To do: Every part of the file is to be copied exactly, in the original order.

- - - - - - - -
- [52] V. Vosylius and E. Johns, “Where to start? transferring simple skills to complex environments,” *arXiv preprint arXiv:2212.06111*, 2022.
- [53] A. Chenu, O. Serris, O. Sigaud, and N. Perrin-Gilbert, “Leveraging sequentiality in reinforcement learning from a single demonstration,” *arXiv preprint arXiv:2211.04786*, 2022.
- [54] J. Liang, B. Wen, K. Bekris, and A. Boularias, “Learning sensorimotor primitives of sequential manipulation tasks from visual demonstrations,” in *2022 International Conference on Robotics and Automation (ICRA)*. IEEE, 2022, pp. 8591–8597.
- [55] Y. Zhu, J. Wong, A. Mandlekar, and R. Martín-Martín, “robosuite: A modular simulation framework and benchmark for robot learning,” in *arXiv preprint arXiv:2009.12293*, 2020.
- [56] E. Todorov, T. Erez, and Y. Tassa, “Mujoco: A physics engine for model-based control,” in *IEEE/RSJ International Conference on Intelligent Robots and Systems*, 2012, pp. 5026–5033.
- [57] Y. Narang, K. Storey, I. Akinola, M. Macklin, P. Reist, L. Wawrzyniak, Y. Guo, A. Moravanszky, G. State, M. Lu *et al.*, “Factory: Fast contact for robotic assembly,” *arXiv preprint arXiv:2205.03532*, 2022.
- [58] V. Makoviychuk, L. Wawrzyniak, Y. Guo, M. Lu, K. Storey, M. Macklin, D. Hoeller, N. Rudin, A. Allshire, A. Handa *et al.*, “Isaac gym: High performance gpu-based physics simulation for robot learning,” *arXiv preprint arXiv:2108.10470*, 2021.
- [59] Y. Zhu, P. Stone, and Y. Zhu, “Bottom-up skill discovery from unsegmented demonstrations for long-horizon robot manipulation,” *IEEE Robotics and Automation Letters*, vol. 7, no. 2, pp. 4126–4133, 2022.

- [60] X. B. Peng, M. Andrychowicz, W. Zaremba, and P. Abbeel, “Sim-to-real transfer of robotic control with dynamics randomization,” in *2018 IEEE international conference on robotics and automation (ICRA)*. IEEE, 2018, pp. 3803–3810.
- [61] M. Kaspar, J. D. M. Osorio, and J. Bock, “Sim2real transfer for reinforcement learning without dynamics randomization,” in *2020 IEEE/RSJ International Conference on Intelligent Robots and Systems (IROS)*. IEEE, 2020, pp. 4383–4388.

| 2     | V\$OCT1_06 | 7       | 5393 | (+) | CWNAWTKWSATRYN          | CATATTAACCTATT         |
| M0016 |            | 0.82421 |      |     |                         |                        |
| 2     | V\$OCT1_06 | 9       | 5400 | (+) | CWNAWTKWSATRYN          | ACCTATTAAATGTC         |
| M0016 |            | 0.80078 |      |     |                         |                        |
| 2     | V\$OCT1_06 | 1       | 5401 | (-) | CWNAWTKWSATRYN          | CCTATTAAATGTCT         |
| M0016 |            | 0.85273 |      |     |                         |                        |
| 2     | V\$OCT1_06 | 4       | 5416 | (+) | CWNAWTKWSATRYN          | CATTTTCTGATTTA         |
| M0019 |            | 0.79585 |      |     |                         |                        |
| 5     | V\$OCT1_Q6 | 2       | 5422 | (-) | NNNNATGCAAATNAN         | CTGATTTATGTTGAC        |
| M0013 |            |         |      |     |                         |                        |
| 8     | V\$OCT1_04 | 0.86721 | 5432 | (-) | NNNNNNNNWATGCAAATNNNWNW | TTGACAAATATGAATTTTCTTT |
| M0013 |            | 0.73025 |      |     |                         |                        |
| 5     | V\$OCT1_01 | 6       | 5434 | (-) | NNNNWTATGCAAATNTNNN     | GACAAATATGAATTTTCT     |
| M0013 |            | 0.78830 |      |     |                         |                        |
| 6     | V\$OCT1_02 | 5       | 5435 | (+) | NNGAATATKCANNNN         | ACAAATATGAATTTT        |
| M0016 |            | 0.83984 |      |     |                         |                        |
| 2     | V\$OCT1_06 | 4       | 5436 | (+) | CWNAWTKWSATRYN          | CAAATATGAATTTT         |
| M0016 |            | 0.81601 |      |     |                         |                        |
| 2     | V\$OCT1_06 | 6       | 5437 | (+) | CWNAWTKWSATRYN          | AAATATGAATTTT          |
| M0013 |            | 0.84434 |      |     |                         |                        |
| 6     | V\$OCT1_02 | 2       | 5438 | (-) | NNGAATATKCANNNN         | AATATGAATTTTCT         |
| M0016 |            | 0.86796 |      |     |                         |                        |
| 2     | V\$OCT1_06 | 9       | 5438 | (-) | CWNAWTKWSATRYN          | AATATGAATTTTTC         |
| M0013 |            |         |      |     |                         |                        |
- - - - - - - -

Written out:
- [52] V. Vosylius and E. Johns, “Where to start? transferring simple skills to complex environments,” *arXiv preprint arXiv:2212.06111*, 2022.
- [53] A. Chenu, O. Serris, O. Sigaud, and N. Perrin-Gilbert, “Leveraging sequentiality in reinforcement learning from a single demonstration,” *arXiv preprint arXiv:2211.04786*, 2022.
- [54] J. Liang, B. Wen, K. Bekris, and A. Boularias, “Learning sensorimotor primitives of sequential manipulation tasks from visual demonstrations,” in *2022 International Conference on Robotics and Automation (ICRA)*. IEEE, 2022, pp. 8591–8597.
- [55] Y. Zhu, J. Wong, A. Mandlekar, and R. Martín-Martín, “robosuite: A modular simulation framework and benchmark for robot learning,” in *arXiv preprint arXiv:2009.12293*, 2020.
- [56] E. Todorov, T. Erez, and Y. Tassa, “Mujoco: A physics engine for model-based control,” in *IEEE/RSJ International Conference on Intelligent Robots and Systems*, 2012, pp. 5026–5033.
- [57] Y. Narang, K. Storey, I. Akinola, M. Macklin, P. Reist, L. Wawrzyniak, Y. Guo, A. Moravanszky, G. State, M. Lu *et al.*, “Factory: Fast contact for robotic assembly,” *arXiv preprint arXiv:2205.03532*, 2022.
- [58] V. Makoviychuk, L. Wawrzyniak, Y. Guo, M. Lu, K. Storey, M. Macklin, D. Hoeller, N. Rudin, A. Allshire, A. Handa *et al.*, “Isaac gym: High performance gpu-based physics simulation for robot learning,” *arXiv preprint arXiv:2108.10470*, 2021.
- [59] Y. Zhu, P. Stone, and Y. Zhu, “Bottom-up skill discovery from unsegmented demonstrations for long-horizon robot manipulation,” *IEEE Robotics and Automation Letters*, vol. 7, no. 2, pp. 4126–4133, 2022.

- [60] X. B. Peng, M. Andrychowicz, W. Zaremba, and P. Abbeel, “Sim-to-real transfer of robotic control with dynamics randomization,” in *2018 IEEE international conference on robotics and automation (ICRA)*. IEEE, 2018, pp. 3803–3810.
- [61] M. Kaspar, J. D. M. Osorio, and J. Bock, “Sim2real transfer for reinforcement learning without dynamics randomization,” in *2020 IEEE/RSJ International Conference on Intelligent Robots and Systems (IROS)*. IEEE, 2020, pp. 4383–4388.

| 2     | V\$OCT1_06 | 7       | 5393 | (+) | CWNAWTKWSATRYN          | CATATTAACCTATT         |
| M0016 |            | 0.82421 |      |     |                         |                        |
| 2     | V\$OCT1_06 | 9       | 5400 | (+) | CWNAWTKWSATRYN          | ACCTATTAAATGTC         |
| M0016 |            | 0.80078 |      |     |                         |                        |
| 2     | V\$OCT1_06 | 1       | 5401 | (-) | CWNAWTKWSATRYN          | CCTATTAAATGTCT         |
| M0016 |            | 0.85273 |      |     |                         |                        |
| 2     | V\$OCT1_06 | 4       | 5416 | (+) | CWNAWTKWSATRYN          | CATTTTCTGATTTA         |
| M0019 |            | 0.79585 |      |     |                         |                        |
| 5     | V\$OCT1_Q6 | 2       | 5422 | (-) | NNNNATGCAAATNAN         | CTGATTTATGTTGAC        |
| M0013 |            |         |      |     |                         |                        |
| 8     | V\$OCT1_04 | 0.86721 | 5432 | (-) | NNNNNNNNWATGCAAATNNNWNW | TTGACAAATATGAATTTTCTTT |
| M0013 |            | 0.73025 |      |     |                         |                        |
| 5     | V\$OCT1_01 | 6       | 5434 | (-) | NNNNWTATGCAAATNTNNN     | GACAAATATGAATTTTCT     |
| M0013 |            | 0.78830 |      |     |                         |                        |
| 6     | V\$OCT1_02 | 5       | 5435 | (+) | NNGAATATKCANNNN         | ACAAATATGAATTTT        |
| M0016 |            | 0.83984 |      |     |                         |                        |
| 2     | V\$OCT1_06 | 4       | 5436 | (+) | CWNAWTKWSATRYN          | CAAATATGAATTTT         |
| M0016 |            | 0.81601 |      |     |                         |                        |
| 2     | V\$OCT1_06 | 6       | 5437 | (+) | CWNAWTKWSATRYN          | AAATATGAATTTT          |
| M0013 |            | 0.84434 |      |     |                         |                        |
| 6     | V\$OCT1_02 | 2       | 5438 | (-) | NNGAATATKCANNNN         | AATATGAATTTTCT         |
| M0016 |            | 0.86796 |      |     |                         |                        |
| 2     | V\$OCT1_06 | 9       | 5438 | (-) | CWNAWTKWSATRYN          | AATATGAATTTTTC         |
| M0013 |            |         |      |     |                         |                        |